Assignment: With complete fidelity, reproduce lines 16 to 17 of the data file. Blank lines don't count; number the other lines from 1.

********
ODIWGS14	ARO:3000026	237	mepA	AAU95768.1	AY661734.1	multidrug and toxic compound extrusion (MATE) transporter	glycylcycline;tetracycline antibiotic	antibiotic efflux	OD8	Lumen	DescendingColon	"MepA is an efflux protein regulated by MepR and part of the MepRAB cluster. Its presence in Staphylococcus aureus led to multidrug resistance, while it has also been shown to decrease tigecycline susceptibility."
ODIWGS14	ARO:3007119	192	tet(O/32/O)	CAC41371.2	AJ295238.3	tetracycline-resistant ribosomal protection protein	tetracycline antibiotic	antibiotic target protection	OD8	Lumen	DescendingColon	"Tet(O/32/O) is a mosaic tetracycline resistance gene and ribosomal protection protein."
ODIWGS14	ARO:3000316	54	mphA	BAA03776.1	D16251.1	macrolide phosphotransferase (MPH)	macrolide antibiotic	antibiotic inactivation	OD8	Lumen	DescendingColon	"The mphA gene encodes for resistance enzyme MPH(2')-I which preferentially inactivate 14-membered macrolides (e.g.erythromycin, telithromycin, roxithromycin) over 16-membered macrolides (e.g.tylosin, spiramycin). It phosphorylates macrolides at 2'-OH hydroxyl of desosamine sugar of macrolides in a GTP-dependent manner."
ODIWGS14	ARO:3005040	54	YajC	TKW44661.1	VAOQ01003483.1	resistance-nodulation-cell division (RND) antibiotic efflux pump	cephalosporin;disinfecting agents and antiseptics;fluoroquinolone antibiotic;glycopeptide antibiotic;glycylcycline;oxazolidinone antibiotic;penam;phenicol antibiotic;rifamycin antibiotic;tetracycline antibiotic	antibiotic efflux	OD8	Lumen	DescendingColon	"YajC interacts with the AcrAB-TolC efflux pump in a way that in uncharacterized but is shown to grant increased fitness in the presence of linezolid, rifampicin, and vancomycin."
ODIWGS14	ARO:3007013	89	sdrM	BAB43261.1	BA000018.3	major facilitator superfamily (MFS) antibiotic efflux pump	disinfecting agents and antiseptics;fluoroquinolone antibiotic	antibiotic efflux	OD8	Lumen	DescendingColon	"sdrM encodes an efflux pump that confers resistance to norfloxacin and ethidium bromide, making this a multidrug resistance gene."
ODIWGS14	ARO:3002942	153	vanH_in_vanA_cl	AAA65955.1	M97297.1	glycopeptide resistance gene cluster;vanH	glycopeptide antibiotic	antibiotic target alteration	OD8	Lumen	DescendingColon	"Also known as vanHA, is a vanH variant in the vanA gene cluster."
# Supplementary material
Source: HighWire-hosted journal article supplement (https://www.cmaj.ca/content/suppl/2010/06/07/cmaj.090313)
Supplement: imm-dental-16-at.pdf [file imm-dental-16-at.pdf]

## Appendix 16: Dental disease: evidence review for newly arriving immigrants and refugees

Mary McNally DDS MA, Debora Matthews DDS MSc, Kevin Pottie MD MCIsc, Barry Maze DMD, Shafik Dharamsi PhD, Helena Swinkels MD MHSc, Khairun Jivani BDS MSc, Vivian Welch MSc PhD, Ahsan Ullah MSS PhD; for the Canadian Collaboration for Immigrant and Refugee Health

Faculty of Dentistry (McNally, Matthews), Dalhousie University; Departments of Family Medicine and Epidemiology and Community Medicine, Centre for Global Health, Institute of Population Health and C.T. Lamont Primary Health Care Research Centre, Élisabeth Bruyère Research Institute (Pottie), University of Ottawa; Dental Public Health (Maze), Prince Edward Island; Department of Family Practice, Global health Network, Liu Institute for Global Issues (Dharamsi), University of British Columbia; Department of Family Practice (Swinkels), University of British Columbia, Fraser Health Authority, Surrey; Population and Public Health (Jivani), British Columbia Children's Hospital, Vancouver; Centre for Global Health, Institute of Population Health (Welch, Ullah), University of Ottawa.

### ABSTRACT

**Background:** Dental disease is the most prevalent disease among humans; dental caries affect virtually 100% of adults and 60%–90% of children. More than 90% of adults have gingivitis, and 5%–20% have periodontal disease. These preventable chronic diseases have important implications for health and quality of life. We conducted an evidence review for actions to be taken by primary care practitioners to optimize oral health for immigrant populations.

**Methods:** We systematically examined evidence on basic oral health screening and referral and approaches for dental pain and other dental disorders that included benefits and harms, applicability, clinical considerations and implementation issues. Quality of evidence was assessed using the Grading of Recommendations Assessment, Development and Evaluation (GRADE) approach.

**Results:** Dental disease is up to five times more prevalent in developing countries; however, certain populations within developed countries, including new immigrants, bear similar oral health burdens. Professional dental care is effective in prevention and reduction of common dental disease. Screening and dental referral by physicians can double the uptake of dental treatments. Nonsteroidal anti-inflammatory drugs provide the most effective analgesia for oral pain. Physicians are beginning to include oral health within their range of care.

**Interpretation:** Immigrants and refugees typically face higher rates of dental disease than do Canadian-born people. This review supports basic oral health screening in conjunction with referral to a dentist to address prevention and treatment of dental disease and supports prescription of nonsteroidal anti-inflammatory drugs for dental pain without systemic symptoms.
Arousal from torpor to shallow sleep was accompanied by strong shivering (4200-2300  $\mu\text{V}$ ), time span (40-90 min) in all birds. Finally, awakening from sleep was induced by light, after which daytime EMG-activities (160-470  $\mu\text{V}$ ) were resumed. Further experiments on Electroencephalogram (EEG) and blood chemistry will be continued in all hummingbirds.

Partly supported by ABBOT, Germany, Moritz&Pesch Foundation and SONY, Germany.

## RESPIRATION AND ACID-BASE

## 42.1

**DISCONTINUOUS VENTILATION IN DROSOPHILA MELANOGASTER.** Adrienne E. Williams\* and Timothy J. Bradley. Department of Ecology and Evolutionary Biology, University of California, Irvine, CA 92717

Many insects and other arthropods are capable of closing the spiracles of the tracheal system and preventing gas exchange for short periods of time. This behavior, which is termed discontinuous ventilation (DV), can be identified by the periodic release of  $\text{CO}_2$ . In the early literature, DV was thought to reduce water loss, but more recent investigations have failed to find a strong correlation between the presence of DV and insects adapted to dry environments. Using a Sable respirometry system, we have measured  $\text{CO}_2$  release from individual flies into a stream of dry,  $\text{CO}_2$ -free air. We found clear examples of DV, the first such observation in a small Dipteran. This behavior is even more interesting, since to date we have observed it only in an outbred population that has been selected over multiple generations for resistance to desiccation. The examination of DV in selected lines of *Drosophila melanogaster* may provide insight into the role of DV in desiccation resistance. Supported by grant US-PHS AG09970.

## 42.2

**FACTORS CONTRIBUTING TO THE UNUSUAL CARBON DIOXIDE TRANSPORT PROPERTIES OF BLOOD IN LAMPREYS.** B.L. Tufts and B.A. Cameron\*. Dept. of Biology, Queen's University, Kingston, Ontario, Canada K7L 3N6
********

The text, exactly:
**Results:** Dental disease is up to five times more prevalent in developing countries; however, certain populations within developed countries, including new immigrants, bear similar oral health burdens. Professional dental care is effective in prevention and reduction of common dental disease. Screening and dental referral by physicians can double the uptake of dental treatments. Nonsteroidal anti-inflammatory drugs provide the most effective analgesia for oral pain. Physicians are beginning to include oral health within their range of care.

**Interpretation:** Immigrants and refugees typically face higher rates of dental disease than do Canadian-born people. This review supports basic oral health screening in conjunction with referral to a dentist to address prevention and treatment of dental disease and supports prescription of nonsteroidal anti-inflammatory drugs for dental pain without systemic symptoms.